[258] G. H. C. MacGregor and Theodore P. Ferris, The Acts of the Apostles, in The Interpreter’s Bible, vol. 9, ed. George A. Buttrick (New York: Abingdon-Cokesbury Press, 1954), 284-285.

The accounts of Paul’s five trials and apologetic speeches recorded in Acts 21:1 to Acts 26:32 show that Paul had exhausted the judicial systems in Palestine, both Jewish and Roman, before departing for Rome. In each of these trials, Luke proves Paul’s innocence. The only court left was an appeal to the highest court in Rome. These five trials serve as a testimony that Paul had a legal right to appeal unto Caesar, and that he was beyond doubt innocent of his allegations by the Jews.

One more important aspect of this passage is that divine oracles are embedded within the narrative material of Acts 21:1 to Acts 28:31. For example, Paul received divine oracles from the seven daughters of Philip the evangelist and the prophet Agabus (Acts 21:8); he testifies of his divine vision on the road to Damascus and of the prophecy of Ananias (Acts 22:6-16); Luke records Paul’s angelic visitation while in prison at Caesarea (Acts 23:11); Paul testifies again of his divine vision on the road to Damascus (Acts 26:12-19); Luke records Paul’s angelic visitation at sea (Acts 27:20-26).

Outline - Here is a proposed outline to Acts 21:1 to Acts 28:31:

1. Prophecies of Paul’s Arrest in Jerusalem Acts 21:1-14

2. Paul’s Arrest and First Speech to Jewish Mob Acts 21:15 to Acts 22:29

3. Paul’s Second Speech Before the Sanhedrin Acts 22:30 to Acts 23:35

4. Paul’s Third Speech Before Felix the Governor Acts 24:1-27

5. Paul’s Fourth Speech Before Festus the Governor Acts 25:1-12

6. Paul’s Fifth Speech Before King Agrippa Acts 25:13 to Acts 26:32

7. The Witness of Paul’s Trip to Rome Acts 27:1 to Acts 28:29

Verses 23-29

Paul and the Roman Chief Captain In Acts 22:23-29 we have the account of Paul defending his right to a fair trial as a Roman citizen before the Roman chief captain. This is the first statement that would eventually lead Paul to the high court in Rome as he appealed unto Caesar, the highest authority in the Roman judicial system.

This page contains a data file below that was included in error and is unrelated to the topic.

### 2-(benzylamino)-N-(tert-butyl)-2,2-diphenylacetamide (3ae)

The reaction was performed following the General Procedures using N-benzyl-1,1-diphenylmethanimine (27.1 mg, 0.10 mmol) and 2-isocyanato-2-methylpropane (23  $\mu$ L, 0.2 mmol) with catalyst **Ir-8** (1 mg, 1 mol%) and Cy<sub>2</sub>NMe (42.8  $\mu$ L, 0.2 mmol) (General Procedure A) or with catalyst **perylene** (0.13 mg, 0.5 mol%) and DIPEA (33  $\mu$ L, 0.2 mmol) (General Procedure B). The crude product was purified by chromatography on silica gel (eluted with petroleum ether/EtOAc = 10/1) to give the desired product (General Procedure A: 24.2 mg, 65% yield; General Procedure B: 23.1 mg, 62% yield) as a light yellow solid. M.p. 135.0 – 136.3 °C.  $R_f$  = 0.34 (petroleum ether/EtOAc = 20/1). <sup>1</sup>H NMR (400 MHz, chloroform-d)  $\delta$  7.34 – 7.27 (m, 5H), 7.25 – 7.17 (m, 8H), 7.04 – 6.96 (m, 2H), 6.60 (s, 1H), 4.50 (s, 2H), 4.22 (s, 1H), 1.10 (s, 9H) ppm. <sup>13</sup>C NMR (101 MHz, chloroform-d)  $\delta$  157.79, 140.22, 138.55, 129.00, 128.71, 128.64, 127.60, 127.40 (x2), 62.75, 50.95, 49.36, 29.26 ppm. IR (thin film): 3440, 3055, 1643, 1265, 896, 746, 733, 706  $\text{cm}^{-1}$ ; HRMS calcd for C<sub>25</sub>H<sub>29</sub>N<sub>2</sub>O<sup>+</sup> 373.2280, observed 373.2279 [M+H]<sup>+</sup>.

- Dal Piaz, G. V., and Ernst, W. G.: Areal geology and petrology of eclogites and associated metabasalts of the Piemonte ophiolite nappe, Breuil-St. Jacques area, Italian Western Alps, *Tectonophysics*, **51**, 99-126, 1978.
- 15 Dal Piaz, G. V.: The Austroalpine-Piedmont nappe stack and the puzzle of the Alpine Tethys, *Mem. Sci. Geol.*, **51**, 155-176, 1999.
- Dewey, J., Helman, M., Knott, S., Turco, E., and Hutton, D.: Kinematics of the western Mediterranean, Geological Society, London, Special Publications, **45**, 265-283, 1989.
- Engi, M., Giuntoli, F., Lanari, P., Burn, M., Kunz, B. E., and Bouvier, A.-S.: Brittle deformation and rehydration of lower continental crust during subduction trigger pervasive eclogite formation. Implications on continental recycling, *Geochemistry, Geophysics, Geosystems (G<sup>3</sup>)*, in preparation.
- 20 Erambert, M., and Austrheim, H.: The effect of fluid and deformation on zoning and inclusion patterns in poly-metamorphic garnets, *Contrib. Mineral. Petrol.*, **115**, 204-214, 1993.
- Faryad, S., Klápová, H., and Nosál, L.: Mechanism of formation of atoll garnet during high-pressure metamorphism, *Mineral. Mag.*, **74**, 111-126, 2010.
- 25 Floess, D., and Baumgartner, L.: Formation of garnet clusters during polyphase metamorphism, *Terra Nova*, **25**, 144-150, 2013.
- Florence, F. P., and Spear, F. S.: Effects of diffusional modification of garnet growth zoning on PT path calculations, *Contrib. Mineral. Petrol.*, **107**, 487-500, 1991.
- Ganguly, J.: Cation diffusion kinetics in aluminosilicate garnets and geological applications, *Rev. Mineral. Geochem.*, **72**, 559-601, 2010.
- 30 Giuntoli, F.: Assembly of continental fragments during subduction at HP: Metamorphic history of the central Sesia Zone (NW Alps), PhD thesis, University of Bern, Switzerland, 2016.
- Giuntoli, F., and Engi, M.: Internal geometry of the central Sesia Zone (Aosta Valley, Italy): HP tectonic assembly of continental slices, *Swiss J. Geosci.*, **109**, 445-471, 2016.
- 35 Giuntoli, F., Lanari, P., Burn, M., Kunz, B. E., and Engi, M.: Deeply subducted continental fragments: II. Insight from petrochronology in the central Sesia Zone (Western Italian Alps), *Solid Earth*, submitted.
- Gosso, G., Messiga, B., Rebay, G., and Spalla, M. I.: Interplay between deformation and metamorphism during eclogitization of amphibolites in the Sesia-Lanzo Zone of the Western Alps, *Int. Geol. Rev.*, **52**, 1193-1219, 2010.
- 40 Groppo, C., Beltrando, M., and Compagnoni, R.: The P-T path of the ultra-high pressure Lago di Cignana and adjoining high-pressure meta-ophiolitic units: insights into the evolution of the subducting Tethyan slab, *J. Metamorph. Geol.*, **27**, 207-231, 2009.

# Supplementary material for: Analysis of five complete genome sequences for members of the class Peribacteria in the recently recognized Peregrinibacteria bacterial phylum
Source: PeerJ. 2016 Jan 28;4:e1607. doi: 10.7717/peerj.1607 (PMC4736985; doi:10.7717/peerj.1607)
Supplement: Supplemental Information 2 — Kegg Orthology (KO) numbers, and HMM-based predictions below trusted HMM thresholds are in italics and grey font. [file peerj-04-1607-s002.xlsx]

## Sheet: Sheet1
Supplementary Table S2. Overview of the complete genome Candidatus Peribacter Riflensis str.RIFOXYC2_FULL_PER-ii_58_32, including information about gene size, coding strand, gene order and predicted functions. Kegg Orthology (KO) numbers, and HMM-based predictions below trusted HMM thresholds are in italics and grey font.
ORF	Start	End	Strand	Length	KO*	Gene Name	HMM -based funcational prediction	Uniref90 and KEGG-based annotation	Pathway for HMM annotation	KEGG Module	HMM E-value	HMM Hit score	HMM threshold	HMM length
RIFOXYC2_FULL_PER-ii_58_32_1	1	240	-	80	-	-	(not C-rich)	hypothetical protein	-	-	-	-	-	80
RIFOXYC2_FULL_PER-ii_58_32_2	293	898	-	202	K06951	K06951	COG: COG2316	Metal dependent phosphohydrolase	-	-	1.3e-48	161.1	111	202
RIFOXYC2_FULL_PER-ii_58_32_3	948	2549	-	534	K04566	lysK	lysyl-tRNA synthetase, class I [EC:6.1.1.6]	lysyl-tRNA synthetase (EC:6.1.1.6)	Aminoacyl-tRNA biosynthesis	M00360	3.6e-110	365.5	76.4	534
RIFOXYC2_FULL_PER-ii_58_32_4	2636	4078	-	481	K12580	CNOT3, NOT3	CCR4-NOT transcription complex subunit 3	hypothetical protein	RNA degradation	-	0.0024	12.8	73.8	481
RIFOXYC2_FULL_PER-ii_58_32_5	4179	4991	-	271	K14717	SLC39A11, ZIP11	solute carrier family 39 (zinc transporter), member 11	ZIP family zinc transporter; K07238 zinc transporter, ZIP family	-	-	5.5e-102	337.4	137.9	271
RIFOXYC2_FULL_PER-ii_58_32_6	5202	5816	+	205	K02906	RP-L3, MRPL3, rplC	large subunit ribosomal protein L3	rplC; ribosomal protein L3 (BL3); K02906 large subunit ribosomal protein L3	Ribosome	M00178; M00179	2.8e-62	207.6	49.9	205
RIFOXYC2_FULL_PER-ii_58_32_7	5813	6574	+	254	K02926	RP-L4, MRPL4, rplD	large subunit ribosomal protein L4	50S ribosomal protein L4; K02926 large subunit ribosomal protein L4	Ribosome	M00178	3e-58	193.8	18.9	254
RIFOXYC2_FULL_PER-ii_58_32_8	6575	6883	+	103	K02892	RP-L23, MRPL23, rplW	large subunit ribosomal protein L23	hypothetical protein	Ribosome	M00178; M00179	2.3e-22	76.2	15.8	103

Acts 22:23 “and cast off their clothes” - Word Study on “cast off” There is a debate as to whether this Greek word is derived from ῥιπτέω or ῥιπίζω . Strong says the Greek word “cast off” is derived from ῥιπτέω (G4495) and means, “to toss up, to cast off.” BDAG also says it is derived from ῥιπτέω and means, “to throw off (clothing).” In contrast, Mouce says this word is derived from ῥιπίζω (G4494) and means, “to fan, blow, ventilate; to toss, agitate, e.g. the ocean by the wind.”

Comments There are two evenly divided views as to the meaning of the phrase “and cast off their clothes.” One view is the idea of throwing off garments ( ῥιπτέω or ῥιπτω ) (see ASV, NIV).

ASV, “threw off their garments”

KJV, “casting off their clothes”

NIV, “throwing off their cloaks”

The other is the idea of tossing about, or tearing, their garments in rage ( ῥιπίζω ) (see Alford, EGT, LITV, Rotherham, RSV), and not casting them off in order to stone Paul, since he was in custody of the Roman soldiers.

Alford, “shaking their garments, as shaking off the dust, abominating such an expression and him who uttered it”

EGT, “tossing about their garments” [286]

[286] W. Robertson Nicoll, ed., The Expositor’s Greek Testament, vol. 2 (New York: George H. Doran Company, n.d.), 461.